But let us have before us the actual occasions on which the term is employed, and I beg the reader to examine them carefully in order to ascertain their true bearing.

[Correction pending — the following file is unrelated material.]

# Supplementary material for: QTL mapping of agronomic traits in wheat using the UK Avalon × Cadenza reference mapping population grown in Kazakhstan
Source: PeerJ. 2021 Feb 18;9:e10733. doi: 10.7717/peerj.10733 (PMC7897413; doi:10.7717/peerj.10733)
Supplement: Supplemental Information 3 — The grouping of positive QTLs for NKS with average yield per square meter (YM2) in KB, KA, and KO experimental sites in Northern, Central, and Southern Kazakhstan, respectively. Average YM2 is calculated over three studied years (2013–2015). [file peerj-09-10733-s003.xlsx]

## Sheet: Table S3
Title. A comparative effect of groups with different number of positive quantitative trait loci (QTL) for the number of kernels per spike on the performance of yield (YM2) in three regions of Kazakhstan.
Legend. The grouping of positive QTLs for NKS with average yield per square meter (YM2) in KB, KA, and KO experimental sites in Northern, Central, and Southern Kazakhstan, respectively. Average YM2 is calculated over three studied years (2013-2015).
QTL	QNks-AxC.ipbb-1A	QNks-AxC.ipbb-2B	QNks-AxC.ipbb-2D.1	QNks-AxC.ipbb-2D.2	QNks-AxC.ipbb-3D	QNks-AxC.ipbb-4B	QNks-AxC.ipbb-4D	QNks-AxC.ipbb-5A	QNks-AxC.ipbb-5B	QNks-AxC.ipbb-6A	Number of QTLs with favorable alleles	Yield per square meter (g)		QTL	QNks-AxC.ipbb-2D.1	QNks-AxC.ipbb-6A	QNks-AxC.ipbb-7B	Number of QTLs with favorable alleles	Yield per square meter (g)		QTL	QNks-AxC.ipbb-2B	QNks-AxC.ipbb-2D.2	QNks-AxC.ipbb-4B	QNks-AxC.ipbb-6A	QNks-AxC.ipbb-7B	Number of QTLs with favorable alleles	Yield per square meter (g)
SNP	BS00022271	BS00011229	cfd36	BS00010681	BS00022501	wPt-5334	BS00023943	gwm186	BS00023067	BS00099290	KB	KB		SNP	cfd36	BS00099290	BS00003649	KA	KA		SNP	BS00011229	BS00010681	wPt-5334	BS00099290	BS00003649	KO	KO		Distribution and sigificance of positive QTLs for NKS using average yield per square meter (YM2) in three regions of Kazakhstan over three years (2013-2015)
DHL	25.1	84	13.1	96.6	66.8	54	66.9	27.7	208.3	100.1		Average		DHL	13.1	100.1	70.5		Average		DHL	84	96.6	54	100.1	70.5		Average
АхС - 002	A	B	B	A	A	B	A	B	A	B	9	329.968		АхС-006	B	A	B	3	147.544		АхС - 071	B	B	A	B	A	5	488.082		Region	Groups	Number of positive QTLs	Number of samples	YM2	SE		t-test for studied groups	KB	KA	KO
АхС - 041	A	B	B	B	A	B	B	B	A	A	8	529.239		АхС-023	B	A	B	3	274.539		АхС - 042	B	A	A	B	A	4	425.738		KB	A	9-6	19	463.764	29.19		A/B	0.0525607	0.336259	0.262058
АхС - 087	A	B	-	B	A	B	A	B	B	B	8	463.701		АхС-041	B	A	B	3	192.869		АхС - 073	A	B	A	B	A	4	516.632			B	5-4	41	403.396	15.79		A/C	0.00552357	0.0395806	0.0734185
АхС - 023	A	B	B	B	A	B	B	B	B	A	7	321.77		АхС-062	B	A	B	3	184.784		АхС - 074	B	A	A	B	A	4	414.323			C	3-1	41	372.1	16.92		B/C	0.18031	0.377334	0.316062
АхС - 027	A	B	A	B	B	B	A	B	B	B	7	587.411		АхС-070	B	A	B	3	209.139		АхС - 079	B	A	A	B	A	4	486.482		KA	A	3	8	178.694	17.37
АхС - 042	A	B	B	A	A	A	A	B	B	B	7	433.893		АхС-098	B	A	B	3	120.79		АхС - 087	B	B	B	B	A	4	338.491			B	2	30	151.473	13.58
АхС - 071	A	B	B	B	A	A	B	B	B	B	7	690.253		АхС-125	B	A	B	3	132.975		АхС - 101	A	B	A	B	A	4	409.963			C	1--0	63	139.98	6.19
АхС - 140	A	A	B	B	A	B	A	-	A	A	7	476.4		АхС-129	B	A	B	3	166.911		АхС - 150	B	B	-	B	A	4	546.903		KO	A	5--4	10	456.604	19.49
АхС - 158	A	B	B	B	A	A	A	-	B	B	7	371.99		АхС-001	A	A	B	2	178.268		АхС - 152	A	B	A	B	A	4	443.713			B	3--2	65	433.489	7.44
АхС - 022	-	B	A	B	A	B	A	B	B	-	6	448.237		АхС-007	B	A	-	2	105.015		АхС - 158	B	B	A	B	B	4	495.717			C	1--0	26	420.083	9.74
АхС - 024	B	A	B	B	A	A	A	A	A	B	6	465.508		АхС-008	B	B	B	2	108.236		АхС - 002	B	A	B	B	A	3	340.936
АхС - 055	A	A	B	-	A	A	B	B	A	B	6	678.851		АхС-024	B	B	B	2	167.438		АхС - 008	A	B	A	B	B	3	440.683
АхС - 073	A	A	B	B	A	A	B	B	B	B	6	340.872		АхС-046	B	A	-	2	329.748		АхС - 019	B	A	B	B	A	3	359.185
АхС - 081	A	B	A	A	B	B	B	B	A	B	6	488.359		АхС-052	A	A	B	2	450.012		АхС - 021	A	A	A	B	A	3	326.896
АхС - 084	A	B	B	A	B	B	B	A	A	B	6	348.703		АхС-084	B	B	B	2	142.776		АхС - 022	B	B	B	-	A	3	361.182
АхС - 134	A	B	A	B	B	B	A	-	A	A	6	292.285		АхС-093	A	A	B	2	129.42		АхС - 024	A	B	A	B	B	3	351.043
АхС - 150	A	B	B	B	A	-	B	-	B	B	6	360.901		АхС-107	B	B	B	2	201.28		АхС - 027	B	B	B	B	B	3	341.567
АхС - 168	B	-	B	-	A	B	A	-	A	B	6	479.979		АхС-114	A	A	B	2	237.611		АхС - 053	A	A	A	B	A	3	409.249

I. To Christ. “Where is he that is born King of the Jews? For we have seen his star in the east, and are come to worship him," Matt. ii. 2. “And, behold, there came a leper and worshipped him, saying, Lord, if thou wilt thou canst make me clean,” Matt. viii. 2. “While he spake these things unto them, behold, there came a certain ruler, and worshipped him, saying, my daughter is even now dead, but come and lay thy hand upon her, and she shall live,” Matt. ix. 18. “And when they were come into the ship, the wind ceased. Then they that were in the ship came and worshipped him, saying, Of a truth thou art the Son of God.” Matt. xiv. 32, 33. “ Then came she (the woman of Canaan) and worshipped him, saying, Lord, help me,” Matt. xv. 25. “Then came to him the mother of Zebedee's children with her sons, worshipping him, and desiring a certain thing of him. And he said unto her, What wilt thou? She saith unto him, Grant that these my two sons may sit, the one on thy right hand, and the other on thy left, in thy kingdom,” Matt. xx. 20, 21. “ And as they went to tell his disciples, behold, Jesus met them, saying, All bail. And they came and held him by the feet, and worshipped him,” Matt. xxviii. 9. “And when they saw him they worshipped him, but some doubted,” Matt. xxviii. 17. “And it came to pass, while he blessed them, he was parted from them, and carried up into Heaven. And they worshipped him and returned to Jerusalem with great joy: and were continually in the Temple, praising and blessing God,” Luke xxiv. 51–53. “Jesus said unto him (the man whose sight had been restored), Dost thou believe on the Son of God? .... And he said, Lord, I believe, and he worshipped him," John ix. 35–38. “And again, when he bringeth in the first-begotten into the world, he saith, And let all the angels of God worship him," Heb. i. 6. “ But when he (the possessed Gadarene), saw Jesus afar off, he ran and worshipped him, and cried with a loud voice and said, What have I to do with thee, Jesus, thou Son of the most